With the City Council expected to approve a non-binding financial plan for a new downtown sports arena tonight, Mayor Kevin Johnson told reporters this morning that "we're on the verge of doing something very special."
"We're finally at the point where we have one single vote, one moment in time to totally transform the downtown community and Sacramento for generations," he said.
The council is expected to approve a "term sheet" for a $391 million arena. The city has proposed contributing 65 percent of the project cost, mostly through either leasing or borrowing against downtown parking.
The Kings and arena operator AEG have agreed to chip in $132 million to the project.
Johnson said he was comfortable with the public contribution, saying "we knew we would have to be partners" and that the private contribution "rivals any other commitment made in recent years" to arenas in other cities.
The city's contribution is in line with what other cities have put into arenas in recent years. Several arenas have been built with smaller contributions from sports teams than what the Kings have agreed to pay.
Dennis Howard, a University of Oregon sports business professor, told The Bee's Dale Kasler that arenas built since 2005 have averaged a 65 percent funding contribution from the public.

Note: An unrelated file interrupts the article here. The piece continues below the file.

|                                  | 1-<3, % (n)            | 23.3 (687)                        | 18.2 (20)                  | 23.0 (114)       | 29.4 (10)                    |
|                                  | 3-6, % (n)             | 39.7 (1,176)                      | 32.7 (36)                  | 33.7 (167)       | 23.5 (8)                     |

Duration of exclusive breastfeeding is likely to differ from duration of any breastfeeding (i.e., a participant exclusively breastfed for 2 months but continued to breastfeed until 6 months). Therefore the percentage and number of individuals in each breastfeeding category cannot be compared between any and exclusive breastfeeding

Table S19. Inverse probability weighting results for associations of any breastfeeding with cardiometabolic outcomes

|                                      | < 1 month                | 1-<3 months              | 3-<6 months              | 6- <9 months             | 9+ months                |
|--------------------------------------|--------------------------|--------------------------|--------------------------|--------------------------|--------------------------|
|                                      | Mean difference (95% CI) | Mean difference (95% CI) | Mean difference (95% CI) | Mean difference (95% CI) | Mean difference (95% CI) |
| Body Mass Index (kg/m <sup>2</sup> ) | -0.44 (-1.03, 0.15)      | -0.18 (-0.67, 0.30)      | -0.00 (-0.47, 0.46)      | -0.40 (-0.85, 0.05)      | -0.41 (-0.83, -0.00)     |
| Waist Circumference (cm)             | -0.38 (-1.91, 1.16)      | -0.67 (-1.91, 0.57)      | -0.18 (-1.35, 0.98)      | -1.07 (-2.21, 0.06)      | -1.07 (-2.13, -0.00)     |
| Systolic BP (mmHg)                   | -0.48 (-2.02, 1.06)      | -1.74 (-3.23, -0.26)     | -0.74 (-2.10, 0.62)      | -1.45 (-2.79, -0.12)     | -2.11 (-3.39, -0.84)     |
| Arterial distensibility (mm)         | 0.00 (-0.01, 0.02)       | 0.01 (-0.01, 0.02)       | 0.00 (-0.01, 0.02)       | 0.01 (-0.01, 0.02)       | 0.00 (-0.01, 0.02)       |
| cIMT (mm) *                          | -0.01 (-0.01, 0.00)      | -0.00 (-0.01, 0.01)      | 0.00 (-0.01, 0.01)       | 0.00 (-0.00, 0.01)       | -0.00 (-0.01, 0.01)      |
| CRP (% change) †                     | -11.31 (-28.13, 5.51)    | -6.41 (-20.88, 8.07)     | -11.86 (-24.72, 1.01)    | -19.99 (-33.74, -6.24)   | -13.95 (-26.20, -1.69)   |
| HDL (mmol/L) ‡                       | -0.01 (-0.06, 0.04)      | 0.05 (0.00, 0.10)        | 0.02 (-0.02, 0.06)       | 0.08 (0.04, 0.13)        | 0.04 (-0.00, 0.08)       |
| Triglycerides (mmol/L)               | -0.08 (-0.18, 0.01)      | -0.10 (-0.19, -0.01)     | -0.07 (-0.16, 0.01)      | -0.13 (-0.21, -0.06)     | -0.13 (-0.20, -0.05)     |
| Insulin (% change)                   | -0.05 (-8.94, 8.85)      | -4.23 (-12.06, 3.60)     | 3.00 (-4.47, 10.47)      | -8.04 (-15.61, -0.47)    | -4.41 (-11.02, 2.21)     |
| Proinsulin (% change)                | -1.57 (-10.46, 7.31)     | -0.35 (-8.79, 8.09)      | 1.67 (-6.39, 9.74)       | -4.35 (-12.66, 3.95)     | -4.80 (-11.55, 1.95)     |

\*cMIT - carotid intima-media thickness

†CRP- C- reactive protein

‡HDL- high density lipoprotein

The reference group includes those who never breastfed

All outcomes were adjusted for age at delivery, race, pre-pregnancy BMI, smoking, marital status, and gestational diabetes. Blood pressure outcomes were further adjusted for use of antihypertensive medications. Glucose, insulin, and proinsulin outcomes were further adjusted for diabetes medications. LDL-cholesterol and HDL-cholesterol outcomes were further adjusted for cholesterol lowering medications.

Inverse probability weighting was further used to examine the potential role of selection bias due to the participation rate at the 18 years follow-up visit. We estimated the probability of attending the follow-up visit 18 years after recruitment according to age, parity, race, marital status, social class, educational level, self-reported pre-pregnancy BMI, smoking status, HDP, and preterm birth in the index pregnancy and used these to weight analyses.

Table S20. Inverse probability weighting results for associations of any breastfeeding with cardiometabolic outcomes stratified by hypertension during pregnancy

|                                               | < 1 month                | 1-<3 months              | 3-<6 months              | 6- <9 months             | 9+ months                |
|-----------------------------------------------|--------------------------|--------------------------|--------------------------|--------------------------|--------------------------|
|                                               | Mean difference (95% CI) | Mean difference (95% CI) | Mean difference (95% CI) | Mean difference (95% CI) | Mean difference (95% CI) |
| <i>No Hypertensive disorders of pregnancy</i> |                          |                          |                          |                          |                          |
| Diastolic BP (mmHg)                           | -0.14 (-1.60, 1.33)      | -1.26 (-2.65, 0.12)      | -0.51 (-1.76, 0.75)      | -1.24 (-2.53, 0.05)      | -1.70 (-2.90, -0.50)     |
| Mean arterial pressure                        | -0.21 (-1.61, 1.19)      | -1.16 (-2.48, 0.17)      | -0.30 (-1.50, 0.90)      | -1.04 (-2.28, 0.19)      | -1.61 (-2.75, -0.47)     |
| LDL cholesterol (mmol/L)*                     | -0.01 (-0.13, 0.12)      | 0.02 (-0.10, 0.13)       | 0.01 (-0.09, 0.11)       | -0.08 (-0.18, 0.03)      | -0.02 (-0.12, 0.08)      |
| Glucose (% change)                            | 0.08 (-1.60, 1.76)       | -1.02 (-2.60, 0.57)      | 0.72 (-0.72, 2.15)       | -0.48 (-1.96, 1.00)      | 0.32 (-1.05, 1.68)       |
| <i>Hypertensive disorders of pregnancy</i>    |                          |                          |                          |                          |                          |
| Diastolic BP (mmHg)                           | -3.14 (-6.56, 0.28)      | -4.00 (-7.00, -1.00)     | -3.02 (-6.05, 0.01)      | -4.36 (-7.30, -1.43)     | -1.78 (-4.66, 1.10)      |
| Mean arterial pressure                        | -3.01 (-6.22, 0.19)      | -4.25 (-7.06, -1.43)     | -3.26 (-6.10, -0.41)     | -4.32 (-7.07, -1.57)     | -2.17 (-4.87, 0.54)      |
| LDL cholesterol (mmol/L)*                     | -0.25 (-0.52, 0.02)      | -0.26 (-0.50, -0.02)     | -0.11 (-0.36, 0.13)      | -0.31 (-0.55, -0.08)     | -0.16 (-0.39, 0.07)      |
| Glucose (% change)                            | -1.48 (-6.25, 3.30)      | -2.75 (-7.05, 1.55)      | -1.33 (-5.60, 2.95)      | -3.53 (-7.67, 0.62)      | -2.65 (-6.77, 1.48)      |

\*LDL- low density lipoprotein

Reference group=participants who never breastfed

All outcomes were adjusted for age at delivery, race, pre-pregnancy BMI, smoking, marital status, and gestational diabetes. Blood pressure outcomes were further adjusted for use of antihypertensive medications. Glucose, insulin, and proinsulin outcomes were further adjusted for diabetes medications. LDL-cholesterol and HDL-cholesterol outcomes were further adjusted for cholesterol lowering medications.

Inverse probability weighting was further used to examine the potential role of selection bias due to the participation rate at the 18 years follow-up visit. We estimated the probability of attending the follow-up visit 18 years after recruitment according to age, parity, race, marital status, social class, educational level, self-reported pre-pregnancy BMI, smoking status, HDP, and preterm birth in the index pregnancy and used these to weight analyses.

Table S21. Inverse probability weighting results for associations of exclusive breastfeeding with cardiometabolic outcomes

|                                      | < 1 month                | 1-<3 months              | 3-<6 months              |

A decade ago, cities were putting up between 75 to 100 percent of arena costs. That's shrunk somewhat, as cities' budgets were hammered by the recession and taxpayers became less sympathetic to sports teams' demands, said Michael Mondello, a sports management professor at Florida State University.
Mondello is among the critics who question why local governments help pay for sports facilities at all. "Public subsidies of sports stadiums is bad policy," Mondello said. "What is Sacramento sacrificing in terms of other infrastructure improvements and police safety?"
Locally, Councilwoman Sandy Sheedy has emerged as one of the most vocal opponents of Sacramento's arena plan. Earlier today, she sent a report compiled by her office to her colleagues on the City Council - but not the mayor - questioning the arena project.
Most notably, Sheedy's report stated that downtown stadiums do not spark economic development in urban cores, that money spent at arenas is generally taken away from other places and that it is impossible to measure whether keeping the Kings would have any impact on civic pride in Sacramento. The report cited the work of several economists and previously published reports on arena projects.
The mayor said it was Sheedy's "prerogative" to release as much information she thinks is helpful prior to the council debate. But, he said, "I think at this point, it is very clear we have a win-win."